Reporting from Guinea-Bissau, Stichting Chimbo, an SOS Grantee and IUCN Member is resupplying its network of Village Vigilance Committees (CVVs). Deemed critical to helping protect the local population of Endangered West African Chimpanzees (Pan troglodytes ssp. verus), the project aims to strengthen the 28 CVVs it has created since 2008 by improving their functioning and creating an enabling environment for them to perform well.
The report goes some way to underlining the simple practical considerations that are often integral to effective species conservation, especially in parts of the developing world.
Comprising 3 men and 2 women, each 5 person CVV performs several tasks. Firstly they monitor the chimpanzee groups living on their village lands while conducting field visits twice monthly and completing patrol-reports soon after. Additionally they discourage and denounce the hunting and/or killing of chimpanzees and poaching in general, while also evaluating the damage caused by chimpanzees to crops. Supplying the men and women with the proper equipment and skills to do their work is fundamental – uniforms, identity cards, binoculars, bicycles and literacy training are some of the core tools in this work-kit.
Revamping uniforms was not just about changing the colour from green to khaki however, but about choosing fire resistant fabrics, procuring trousers for both men and women and measuring each CVV member to ensure the clothes fit comfortably. Annemarie Goedemaker, President of Chimbo reports also that in addition to ordering the uniforms, identity data including pictures of all CVV members have now been gathered for the identity cards that will be made. A supplier of more robust bicycles has been found. The bicycles have been ordered and will arrive in Guinea Bissau in the second half of this year, and cost about the same as the older models which they will replace.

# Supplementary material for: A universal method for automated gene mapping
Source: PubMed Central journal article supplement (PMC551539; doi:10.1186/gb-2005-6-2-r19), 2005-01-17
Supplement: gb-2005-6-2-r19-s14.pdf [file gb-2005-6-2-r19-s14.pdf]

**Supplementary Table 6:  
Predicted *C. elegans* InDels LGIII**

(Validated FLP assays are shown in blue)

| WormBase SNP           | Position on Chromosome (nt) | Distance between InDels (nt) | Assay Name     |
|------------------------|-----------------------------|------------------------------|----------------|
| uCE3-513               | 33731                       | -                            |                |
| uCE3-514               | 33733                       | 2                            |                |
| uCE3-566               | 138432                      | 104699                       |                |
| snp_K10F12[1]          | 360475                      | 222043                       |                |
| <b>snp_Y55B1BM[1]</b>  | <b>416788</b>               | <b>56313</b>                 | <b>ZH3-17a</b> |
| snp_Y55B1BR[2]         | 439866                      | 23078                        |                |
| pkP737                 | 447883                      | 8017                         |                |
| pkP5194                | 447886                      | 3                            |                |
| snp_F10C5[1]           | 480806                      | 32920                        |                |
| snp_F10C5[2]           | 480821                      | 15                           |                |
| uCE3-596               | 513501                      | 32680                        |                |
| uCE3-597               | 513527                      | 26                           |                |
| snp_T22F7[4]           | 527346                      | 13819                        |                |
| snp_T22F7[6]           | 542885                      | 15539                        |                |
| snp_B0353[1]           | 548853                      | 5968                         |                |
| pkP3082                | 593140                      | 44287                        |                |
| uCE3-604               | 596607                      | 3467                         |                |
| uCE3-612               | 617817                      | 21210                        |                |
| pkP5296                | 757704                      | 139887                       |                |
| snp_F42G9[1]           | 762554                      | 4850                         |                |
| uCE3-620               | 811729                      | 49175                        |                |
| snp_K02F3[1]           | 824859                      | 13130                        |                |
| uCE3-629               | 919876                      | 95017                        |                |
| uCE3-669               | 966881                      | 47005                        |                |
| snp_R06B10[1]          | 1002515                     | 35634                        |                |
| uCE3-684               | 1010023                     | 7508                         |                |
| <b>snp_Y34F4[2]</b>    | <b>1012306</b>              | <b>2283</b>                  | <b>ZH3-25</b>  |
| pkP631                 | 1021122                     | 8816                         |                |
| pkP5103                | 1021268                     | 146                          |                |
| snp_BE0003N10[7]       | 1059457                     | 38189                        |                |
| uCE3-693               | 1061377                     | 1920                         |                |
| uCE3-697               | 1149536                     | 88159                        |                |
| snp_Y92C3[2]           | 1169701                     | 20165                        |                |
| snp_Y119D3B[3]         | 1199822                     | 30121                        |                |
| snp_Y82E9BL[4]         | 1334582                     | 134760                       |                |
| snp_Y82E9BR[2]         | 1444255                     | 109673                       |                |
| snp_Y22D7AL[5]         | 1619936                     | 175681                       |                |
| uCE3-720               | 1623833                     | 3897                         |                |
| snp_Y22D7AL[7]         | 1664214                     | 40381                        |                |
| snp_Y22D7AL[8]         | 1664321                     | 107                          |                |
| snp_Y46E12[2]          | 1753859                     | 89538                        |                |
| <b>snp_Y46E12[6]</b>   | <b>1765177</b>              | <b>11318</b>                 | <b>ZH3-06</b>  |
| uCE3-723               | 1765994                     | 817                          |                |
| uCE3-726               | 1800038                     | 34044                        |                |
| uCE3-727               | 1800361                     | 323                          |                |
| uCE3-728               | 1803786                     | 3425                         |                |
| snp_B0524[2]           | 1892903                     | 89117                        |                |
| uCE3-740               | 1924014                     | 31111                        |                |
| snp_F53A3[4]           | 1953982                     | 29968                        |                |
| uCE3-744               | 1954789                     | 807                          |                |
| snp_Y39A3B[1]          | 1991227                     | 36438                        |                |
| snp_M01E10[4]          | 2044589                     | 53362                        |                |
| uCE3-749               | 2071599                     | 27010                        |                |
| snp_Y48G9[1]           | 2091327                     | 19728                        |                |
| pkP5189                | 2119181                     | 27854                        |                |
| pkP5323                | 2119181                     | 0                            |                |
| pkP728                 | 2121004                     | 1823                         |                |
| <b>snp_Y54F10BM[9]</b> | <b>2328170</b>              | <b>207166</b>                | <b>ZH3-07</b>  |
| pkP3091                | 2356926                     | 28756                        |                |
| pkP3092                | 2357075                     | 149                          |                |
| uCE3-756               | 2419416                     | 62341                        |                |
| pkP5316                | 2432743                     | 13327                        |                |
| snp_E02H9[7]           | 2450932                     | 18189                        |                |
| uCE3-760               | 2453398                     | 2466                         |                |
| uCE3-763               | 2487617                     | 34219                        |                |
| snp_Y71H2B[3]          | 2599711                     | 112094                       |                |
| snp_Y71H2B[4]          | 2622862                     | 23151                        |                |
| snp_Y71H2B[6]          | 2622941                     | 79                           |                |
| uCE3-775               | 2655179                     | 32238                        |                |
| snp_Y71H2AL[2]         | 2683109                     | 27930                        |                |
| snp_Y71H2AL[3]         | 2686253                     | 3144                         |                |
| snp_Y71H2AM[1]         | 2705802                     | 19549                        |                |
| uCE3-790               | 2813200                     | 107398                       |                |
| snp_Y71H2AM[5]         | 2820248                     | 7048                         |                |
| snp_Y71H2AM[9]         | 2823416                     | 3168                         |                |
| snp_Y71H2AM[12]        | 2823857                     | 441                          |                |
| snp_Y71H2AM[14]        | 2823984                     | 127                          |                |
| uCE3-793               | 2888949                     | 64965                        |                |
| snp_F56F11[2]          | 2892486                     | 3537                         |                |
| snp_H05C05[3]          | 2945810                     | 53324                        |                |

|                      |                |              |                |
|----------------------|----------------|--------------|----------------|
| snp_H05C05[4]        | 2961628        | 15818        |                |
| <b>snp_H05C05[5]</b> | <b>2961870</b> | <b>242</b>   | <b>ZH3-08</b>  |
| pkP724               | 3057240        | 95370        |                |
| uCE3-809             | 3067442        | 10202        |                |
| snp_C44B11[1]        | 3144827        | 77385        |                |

A meeting in early May involving two representatives of every CVV to discuss skills training including the alphabetization training and the bushfire prevention programmes. According to Annemarie, many of the CVV members - especially the women - are illiterate and alphabetization courses improve their skills to write field-reports. Meanwhile, Chimpanzees depend on big trees for nesting and two recent bushfires in the area had destroyed suitable nesting places. In one case the person responsible has been sentenced already. Naturally the key is prevention. Furthermore, the CVV’s are regularly given training by Chimbo staff in their own area to improve their performance in patrols and reporting.
Such reporting is also generating insights about Chimpanzee behaviour. Some interesting Chimpanzee drumming sites have been discovered because of such patrols. Many trees bear marks: scarred bark with rocks lying next to the tree. Even a tree with a rock collection has been found during these visits. As a result the project team has installed extra trail cameras at these sites to find out more about behaviour specific to the chimpanzees of the Boé.
Annemarie concludes “the CVV’s have proven to be very effective in changing the attitude of the local communities towards nature and Chimpanzees in particular, and as the future National Park will cover less than a third of the range of Chimpanzees in the Boé, these CVVs will continue to play a central role in encouraging a shift from conflict to coexistence.”